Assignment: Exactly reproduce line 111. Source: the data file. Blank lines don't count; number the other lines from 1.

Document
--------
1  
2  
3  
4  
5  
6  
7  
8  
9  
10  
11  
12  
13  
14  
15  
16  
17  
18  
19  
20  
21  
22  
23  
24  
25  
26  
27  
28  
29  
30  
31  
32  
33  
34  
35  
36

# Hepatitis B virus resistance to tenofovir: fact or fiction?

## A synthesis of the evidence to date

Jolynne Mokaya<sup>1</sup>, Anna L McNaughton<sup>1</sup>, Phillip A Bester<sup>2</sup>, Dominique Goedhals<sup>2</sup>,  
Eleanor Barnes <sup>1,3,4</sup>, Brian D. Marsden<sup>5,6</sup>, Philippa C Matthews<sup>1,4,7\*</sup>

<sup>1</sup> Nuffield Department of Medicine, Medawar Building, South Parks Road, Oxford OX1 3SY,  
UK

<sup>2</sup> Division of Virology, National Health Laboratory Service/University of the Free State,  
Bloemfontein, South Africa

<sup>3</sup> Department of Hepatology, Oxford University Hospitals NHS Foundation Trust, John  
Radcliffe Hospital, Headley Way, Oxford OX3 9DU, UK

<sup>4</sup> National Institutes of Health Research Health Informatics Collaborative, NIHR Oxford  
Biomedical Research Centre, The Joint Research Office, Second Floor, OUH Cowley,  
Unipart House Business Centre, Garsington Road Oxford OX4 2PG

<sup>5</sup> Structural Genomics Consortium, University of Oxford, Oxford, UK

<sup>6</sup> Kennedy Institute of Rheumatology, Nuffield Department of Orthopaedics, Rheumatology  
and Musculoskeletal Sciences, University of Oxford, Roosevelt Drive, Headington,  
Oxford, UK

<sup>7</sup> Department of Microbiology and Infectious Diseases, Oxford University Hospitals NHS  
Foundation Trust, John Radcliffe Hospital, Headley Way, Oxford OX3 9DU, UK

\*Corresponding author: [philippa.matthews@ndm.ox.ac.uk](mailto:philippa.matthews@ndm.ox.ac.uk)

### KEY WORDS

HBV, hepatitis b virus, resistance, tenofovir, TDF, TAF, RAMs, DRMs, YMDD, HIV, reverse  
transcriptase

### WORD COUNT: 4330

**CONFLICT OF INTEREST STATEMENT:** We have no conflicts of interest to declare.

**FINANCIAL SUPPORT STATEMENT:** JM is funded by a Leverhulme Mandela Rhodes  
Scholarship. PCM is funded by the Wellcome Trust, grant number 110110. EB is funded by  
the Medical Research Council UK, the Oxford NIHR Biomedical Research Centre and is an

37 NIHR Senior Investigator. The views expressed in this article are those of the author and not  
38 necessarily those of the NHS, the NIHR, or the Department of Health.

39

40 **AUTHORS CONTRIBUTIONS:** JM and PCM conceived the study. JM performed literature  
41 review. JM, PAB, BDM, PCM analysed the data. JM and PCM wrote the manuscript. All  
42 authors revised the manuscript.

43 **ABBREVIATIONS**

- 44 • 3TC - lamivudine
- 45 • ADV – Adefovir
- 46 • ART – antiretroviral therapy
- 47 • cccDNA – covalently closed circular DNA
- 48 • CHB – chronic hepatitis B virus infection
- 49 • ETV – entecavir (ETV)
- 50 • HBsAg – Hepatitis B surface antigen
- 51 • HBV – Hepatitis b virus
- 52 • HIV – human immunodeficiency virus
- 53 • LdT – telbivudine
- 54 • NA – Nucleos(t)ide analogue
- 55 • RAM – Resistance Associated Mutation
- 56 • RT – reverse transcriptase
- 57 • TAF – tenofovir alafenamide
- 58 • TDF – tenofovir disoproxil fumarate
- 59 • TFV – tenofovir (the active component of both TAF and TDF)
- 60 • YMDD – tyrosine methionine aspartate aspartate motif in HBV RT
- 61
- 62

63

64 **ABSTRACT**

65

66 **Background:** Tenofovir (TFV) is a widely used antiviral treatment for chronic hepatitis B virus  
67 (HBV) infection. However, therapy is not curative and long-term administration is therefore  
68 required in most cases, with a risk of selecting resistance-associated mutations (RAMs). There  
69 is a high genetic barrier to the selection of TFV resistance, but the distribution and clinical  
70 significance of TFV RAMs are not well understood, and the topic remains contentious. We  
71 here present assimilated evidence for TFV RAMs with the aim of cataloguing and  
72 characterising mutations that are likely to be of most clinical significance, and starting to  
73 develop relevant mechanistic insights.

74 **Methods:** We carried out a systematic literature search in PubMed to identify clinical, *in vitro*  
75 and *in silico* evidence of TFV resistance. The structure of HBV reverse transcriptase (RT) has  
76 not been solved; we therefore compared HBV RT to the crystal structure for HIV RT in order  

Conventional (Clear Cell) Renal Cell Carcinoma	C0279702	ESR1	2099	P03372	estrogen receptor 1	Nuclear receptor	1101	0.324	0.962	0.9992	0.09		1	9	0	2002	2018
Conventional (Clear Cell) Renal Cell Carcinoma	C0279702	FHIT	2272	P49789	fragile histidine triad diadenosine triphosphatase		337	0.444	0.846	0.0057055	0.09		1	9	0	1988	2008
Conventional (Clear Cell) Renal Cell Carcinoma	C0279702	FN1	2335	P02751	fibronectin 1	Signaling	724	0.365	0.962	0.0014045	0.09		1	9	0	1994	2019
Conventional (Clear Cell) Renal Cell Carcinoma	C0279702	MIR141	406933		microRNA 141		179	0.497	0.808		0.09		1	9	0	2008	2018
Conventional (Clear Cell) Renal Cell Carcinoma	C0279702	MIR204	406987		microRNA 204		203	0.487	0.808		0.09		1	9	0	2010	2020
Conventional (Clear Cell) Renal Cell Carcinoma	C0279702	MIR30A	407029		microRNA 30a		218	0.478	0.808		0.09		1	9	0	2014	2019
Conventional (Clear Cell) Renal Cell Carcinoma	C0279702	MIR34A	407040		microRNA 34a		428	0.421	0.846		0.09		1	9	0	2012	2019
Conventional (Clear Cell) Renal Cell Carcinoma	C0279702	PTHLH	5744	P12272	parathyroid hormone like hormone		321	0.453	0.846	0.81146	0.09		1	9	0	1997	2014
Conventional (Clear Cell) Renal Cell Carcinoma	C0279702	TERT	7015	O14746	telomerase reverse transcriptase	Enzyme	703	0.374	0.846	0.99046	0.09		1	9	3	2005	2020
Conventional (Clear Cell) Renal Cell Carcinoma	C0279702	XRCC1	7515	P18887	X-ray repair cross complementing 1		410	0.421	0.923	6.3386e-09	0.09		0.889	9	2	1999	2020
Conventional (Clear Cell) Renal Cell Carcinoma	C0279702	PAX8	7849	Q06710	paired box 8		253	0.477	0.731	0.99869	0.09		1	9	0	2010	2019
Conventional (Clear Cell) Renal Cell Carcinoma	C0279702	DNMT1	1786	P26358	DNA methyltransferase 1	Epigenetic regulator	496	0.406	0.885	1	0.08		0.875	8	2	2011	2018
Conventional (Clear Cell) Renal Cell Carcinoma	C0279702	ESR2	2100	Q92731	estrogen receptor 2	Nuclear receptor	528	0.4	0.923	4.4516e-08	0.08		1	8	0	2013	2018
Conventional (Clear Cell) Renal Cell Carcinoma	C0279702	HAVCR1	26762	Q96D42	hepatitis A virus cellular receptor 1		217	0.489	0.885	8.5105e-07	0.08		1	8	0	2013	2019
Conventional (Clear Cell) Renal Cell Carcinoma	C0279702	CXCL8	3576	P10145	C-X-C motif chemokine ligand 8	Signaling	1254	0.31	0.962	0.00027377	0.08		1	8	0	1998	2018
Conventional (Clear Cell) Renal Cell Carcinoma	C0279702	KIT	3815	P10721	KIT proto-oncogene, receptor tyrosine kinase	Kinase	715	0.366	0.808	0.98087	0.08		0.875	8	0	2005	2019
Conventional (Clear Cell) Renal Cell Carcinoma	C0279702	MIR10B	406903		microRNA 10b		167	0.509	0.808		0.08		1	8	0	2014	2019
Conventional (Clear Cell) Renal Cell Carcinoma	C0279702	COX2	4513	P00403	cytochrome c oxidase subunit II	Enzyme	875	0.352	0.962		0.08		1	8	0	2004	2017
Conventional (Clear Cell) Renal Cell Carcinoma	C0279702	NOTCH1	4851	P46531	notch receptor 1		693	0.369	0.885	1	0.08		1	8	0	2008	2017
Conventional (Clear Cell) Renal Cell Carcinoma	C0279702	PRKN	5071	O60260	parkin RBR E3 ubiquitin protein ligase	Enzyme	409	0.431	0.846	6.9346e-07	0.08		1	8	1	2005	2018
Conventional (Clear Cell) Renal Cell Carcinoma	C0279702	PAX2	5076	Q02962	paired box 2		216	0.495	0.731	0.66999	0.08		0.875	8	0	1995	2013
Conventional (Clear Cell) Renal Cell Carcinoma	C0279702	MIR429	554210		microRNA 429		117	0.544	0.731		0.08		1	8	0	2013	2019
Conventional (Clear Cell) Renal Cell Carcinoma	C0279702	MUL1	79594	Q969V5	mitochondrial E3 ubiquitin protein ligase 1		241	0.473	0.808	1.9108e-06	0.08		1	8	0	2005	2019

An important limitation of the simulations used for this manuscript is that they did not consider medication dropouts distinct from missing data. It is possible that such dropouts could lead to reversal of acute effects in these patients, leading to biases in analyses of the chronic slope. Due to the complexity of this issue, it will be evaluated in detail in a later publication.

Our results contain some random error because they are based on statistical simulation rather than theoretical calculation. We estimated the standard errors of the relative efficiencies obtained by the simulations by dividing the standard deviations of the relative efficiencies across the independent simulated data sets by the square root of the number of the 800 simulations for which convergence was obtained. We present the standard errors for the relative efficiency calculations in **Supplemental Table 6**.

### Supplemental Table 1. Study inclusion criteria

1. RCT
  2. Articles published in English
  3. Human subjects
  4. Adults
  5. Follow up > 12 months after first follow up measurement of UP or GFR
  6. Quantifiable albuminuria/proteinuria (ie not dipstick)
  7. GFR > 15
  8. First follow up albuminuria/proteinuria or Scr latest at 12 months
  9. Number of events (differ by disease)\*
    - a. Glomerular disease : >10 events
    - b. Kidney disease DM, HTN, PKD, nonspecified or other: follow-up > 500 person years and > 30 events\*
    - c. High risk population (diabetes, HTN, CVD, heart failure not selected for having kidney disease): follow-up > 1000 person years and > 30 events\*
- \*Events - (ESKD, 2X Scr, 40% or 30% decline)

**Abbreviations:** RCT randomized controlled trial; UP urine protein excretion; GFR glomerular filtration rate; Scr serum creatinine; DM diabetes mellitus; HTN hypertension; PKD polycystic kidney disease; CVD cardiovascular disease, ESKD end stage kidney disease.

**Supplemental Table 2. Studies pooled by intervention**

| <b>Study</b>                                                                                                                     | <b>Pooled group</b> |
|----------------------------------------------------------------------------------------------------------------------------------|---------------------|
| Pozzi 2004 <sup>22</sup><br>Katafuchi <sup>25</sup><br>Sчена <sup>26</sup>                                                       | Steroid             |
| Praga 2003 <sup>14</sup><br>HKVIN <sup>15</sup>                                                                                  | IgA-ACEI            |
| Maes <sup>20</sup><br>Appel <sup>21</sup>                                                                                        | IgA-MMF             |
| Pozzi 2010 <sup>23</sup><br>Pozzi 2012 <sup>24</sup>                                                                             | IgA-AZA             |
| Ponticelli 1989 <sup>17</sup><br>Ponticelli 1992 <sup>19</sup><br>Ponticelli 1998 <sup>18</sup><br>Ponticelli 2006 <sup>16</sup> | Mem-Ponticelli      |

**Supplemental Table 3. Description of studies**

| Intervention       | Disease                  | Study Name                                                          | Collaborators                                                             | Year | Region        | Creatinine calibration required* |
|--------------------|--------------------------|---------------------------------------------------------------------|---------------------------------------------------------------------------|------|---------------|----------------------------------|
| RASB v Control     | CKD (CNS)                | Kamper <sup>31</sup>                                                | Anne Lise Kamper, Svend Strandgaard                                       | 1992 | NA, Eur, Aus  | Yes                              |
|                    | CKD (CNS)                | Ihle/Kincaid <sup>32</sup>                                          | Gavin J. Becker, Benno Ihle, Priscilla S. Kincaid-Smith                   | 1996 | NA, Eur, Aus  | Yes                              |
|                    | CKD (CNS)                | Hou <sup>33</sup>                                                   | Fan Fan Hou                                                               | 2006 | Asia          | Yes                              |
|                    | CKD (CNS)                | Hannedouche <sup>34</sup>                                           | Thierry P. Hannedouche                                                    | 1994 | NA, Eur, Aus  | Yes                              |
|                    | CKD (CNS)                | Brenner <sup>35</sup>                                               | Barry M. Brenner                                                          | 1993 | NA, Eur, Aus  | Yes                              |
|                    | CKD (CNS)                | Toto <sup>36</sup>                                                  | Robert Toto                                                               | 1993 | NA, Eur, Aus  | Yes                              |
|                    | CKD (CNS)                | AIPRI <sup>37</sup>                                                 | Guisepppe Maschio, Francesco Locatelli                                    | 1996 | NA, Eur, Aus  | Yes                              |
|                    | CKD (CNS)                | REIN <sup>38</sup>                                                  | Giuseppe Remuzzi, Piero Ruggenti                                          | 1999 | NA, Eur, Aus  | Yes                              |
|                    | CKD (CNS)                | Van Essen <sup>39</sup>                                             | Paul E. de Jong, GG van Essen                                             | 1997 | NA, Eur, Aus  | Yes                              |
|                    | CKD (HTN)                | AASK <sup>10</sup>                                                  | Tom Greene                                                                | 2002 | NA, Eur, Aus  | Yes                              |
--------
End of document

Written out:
Conventional (Clear Cell) Renal Cell Carcinoma	C0279702	MIR34A	407040		microRNA 34a		428	0.421	0.846		0.09		1	9	0	2012	2019